NEW YORK (AP) -- After an indecisive day, stocks turned around in the last minutes of trading Monday and managed to end with modest gains.
Last week the market had its worst drop since mid-August, and for much of the day it looked like the losses would continue. Near midday the Standard & Poor's 500 index hit a two-month low. But oil prices recovered from last week's rout and the broader market rose over the last hour of trading, finishing at its highest levels of the day.
The Dow Jones industrial average picked up 103.29 points, or 0.6 percent, to 17,358.50. The S&P 500 index gained 9.57 points, or 0.5 percent, to 2,021.94. Nine of the 10 sectors on the S&P 500 finished higher, though most of the gains were small. The Nasdaq composite index added 18.76 points, or 0.4 percent, to 4,952.23.
Early in the day the price of oil fell below $35 a barrel for the first time since early 2009. However oil recovered and rose about 2 percent, breaking a streak of six straight losses.
U.S. crude gained 69 cents at $36.31 a barrel in New York. Brent crude, a benchmark for international oils, fell a penny to $37.92 a barrel in London.
The gain sent oil companies broadly higher. Exxon Mobil rose $1.69, or 2.3 percent, to $76.03 and Chevron added $2.89, or 3.3 percent, to $89.33.
Consumer products maker Jarden Brands agreed to be acquired by competitor Newell Rubbermaid. The cash and stock deal would create a conglomerate that owns brands like Paper Mate, Sharpie, Elmer's, Rubbermaid and Calphalon.
The deal is worth at least $13.2 billion, or $60 per share. Jarden stock added $1.41, or 2.7 percent, to $54.09. Newell Rubbermaid shares fell $3.13, or 6.9 percent, to $42.15.
Natural gas prices plunged to the lowest level since September 2001 as warm weather continues to erode demand for home heating. The falling price hurt natural gas companies. Range Resources sank 89 cents, or 3.9 percent, to $21.86 and Southwestern Energy slumped 57 cents, or 9.7 percent, to $5.33.
Natural gas fell 9.6 cents, or 4.8 percent, to $1.894 per 1,000 cubic feet.
Stephen Schork, an independent analyst and trader, said industrial demand for natural gas in the U.S. and from Canada has tumbled. That means the biggest remaining source of demand is for consumers who use gas to heat their homes. But it's been a very warm winter so far.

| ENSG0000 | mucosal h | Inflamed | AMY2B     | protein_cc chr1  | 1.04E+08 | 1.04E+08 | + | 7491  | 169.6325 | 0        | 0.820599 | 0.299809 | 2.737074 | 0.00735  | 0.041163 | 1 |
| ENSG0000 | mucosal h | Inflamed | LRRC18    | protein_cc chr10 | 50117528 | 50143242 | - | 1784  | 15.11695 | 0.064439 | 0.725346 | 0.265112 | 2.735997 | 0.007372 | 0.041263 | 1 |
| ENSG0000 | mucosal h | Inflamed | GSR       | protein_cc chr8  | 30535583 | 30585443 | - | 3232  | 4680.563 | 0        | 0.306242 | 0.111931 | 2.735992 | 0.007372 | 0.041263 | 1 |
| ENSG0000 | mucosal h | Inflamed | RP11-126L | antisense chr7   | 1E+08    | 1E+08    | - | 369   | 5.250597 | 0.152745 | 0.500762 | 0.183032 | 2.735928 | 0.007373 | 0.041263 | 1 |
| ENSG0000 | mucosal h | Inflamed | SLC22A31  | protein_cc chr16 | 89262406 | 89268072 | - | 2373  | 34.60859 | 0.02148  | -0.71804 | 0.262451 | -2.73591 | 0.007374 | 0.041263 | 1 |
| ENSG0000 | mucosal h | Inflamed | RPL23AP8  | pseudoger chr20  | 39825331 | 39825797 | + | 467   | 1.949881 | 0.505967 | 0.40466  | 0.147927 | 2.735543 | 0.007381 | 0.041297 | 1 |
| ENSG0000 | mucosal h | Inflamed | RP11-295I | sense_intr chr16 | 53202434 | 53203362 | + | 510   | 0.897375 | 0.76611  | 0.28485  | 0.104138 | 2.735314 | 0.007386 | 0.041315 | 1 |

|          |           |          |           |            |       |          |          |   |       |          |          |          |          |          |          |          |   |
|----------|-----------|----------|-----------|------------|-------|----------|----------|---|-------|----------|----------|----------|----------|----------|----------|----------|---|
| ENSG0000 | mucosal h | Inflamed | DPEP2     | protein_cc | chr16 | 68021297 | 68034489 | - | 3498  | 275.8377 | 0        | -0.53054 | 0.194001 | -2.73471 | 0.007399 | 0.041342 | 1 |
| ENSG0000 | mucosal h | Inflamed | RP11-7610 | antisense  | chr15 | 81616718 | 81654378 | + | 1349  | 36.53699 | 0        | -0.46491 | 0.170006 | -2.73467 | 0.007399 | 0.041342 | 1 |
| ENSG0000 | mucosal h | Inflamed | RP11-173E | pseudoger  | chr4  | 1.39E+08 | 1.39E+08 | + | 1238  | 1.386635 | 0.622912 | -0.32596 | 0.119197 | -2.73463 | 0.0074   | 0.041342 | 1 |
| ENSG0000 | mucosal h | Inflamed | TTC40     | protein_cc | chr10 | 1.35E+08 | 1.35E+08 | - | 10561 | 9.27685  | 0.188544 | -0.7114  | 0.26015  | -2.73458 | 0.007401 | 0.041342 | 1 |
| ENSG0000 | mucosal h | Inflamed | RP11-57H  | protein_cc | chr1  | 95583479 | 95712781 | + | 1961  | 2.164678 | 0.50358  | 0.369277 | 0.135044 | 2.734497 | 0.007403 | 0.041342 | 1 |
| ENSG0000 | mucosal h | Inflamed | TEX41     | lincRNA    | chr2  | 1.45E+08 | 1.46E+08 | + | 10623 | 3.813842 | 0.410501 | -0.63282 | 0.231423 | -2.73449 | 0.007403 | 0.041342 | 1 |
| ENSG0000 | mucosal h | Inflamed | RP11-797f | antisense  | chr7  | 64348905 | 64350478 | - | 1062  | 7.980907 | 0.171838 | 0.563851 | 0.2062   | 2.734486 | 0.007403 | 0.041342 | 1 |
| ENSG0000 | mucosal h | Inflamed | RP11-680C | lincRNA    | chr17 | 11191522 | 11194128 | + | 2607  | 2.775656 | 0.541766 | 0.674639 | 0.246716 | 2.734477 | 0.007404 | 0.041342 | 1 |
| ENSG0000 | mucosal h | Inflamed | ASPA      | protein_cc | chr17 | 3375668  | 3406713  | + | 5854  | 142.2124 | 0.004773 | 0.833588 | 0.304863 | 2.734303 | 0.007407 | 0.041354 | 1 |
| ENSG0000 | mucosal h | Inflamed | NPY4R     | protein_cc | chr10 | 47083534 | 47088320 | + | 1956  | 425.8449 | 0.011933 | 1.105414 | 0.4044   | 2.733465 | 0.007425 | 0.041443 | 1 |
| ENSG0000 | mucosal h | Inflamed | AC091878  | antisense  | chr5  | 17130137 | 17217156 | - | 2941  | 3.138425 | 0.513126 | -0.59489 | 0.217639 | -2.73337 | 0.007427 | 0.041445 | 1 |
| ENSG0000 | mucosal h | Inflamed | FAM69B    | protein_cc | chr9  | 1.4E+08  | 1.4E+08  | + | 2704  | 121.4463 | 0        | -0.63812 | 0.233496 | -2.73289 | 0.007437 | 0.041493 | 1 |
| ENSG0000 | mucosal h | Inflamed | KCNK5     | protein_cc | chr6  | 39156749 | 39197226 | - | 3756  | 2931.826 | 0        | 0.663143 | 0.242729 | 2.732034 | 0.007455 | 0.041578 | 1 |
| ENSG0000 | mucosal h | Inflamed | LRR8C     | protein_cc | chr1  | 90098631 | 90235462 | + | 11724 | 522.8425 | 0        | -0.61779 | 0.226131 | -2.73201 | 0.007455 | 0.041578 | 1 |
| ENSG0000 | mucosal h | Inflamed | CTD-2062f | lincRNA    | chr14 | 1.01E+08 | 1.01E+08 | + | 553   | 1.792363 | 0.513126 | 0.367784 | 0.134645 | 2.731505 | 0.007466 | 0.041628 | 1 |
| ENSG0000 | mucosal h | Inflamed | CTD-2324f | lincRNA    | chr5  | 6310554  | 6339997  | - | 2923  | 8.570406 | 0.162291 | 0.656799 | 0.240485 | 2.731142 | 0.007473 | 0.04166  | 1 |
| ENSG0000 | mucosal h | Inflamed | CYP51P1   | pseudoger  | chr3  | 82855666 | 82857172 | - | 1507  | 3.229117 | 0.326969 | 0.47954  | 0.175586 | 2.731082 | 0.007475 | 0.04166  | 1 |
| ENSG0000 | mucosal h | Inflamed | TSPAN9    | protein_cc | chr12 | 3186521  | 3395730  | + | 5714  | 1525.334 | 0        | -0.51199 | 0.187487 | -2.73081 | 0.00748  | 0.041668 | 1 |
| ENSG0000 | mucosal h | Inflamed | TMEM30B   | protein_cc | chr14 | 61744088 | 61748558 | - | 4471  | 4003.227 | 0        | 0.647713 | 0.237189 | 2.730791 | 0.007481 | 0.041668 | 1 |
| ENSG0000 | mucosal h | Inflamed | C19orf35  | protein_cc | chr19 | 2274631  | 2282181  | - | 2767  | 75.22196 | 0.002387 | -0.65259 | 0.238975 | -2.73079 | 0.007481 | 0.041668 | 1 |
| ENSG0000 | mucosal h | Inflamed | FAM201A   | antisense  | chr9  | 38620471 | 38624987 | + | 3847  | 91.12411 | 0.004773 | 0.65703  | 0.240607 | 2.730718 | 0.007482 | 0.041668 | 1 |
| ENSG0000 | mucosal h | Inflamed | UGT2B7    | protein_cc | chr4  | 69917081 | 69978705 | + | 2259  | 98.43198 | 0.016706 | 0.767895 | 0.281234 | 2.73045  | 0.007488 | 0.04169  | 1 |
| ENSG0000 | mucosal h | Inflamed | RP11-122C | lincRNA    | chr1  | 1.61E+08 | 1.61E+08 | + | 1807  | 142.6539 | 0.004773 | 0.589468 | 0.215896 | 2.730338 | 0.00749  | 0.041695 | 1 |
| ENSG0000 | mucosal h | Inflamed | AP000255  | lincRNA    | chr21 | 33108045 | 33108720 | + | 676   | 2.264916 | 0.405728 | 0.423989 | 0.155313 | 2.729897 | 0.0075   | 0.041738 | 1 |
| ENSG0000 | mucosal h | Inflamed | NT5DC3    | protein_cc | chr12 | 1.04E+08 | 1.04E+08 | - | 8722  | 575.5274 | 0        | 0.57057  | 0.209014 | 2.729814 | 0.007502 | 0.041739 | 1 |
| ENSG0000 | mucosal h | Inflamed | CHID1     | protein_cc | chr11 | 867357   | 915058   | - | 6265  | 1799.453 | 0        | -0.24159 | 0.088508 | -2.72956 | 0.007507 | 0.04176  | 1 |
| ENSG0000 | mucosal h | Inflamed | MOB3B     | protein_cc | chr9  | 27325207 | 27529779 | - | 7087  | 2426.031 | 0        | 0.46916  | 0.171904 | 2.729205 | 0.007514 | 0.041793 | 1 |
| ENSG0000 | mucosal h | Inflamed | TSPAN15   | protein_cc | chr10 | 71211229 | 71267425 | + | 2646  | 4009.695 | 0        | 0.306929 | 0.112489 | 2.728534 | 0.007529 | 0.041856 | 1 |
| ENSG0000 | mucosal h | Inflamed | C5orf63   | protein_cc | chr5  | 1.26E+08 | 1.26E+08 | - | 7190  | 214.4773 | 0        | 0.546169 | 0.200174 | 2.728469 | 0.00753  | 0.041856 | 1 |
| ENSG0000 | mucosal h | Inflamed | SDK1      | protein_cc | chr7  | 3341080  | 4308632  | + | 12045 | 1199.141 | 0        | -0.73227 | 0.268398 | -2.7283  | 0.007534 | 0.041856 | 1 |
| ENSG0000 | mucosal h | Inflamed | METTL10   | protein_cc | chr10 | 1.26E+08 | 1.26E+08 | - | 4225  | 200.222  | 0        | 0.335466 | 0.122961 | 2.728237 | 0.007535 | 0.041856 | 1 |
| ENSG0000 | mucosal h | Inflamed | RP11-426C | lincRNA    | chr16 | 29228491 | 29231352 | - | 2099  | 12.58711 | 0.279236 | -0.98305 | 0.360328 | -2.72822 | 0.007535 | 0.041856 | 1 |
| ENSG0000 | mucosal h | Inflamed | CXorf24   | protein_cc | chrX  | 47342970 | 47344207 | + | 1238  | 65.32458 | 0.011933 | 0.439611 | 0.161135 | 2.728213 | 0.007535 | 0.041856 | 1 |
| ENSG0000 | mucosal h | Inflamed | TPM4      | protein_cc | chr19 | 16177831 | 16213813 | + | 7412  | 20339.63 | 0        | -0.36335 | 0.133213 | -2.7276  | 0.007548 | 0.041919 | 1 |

"This weather's going to persist through the rest of this month," Schork said. However he said prices will recover if it gets colder in January.
In other energy trading, wholesale gasoline declined 2.6 cents, or 2 percent, to $1.256 a gallon and heating oil lost 1.8 cents, or 1.6 percent, to $1.128 a gallon.
Activist investor Daniel Loeb is challenging the combination of chemicals makers DuPont and Dow Chemical, announced on Friday. Loeb, who owns a stake in Dow Chemical, questioned the timing of the deal and wants Dow CEO Andrew Liveris removed. Dow's board says it stands by the proposal.
On Friday Dow and DuPont agreed to combine into a $130 billion company and then split up into three smaller businesses. Loeb has pushed Dow to split its specialty chemical and petrochemical businesses. Another activist investor, Nelson Peltz, has been pushing DuPont to break itself up.
Dow Chemical lost $2.08, or 3.9 percent, to $51.29 and DuPont slid $2.52, or 3.6 percent, to $67.92.
Mining companies and industrial materials makers slumped, with Dow and DuPont leading the way. Copper miner Freeport-McMoRan dropped as copper prices continued to slide. Freeport shares skidded 44 cents, or 6.4 percent, to $6.46.
Gold sank $12.30, or 1.1 percent, to $1,063.40 an ounce. Silver declined 18.9 cents, or 1.4 percent, to $13.70 an ounce. The price of copper fell 0.5 cents to $2.11 a pound.
The Federal Reserve will start its last meeting of the year on Tuesday, and on Wednesday it's expected to raise interest rates for the first time in almost a decade. The Fed's key short-term interest rate has been close to zero since Dec. 16, 2008. The boost in rates would be a sign of confidence in the U.S. economy, but some investors worry that it will slow down growth.
Phil Orlando, chief equity strategist for Federated Investors, said the Federal Reserve is reacting to positive signs like increased hiring and economic growth. While inflation is lower than the Fed would like, Orlando said the Fed won't wait for inflation to rise further because it will take a long time before the economy feels the full effect of higher interest rates.
"The Fed can't wait," he said. "It'll be 18 months before that change in policy hits the economy," he said.
Orlando also thinks the boost in interest rates will set off a rally that will take stocks higher for the rest of the year, possibly back to the record levels they set in May. Stocks have wobbled in recent weeks. It's been more than a month since the S&P 500 rose for two consecutive days.
Bond prices fell. The yield on the 10-year Treasury note rose to 2.22 percent from 2.13 percent. The dollar rose to 120.87 yen from 120.77 yen Friday. The euro was unchanged at $1.0993.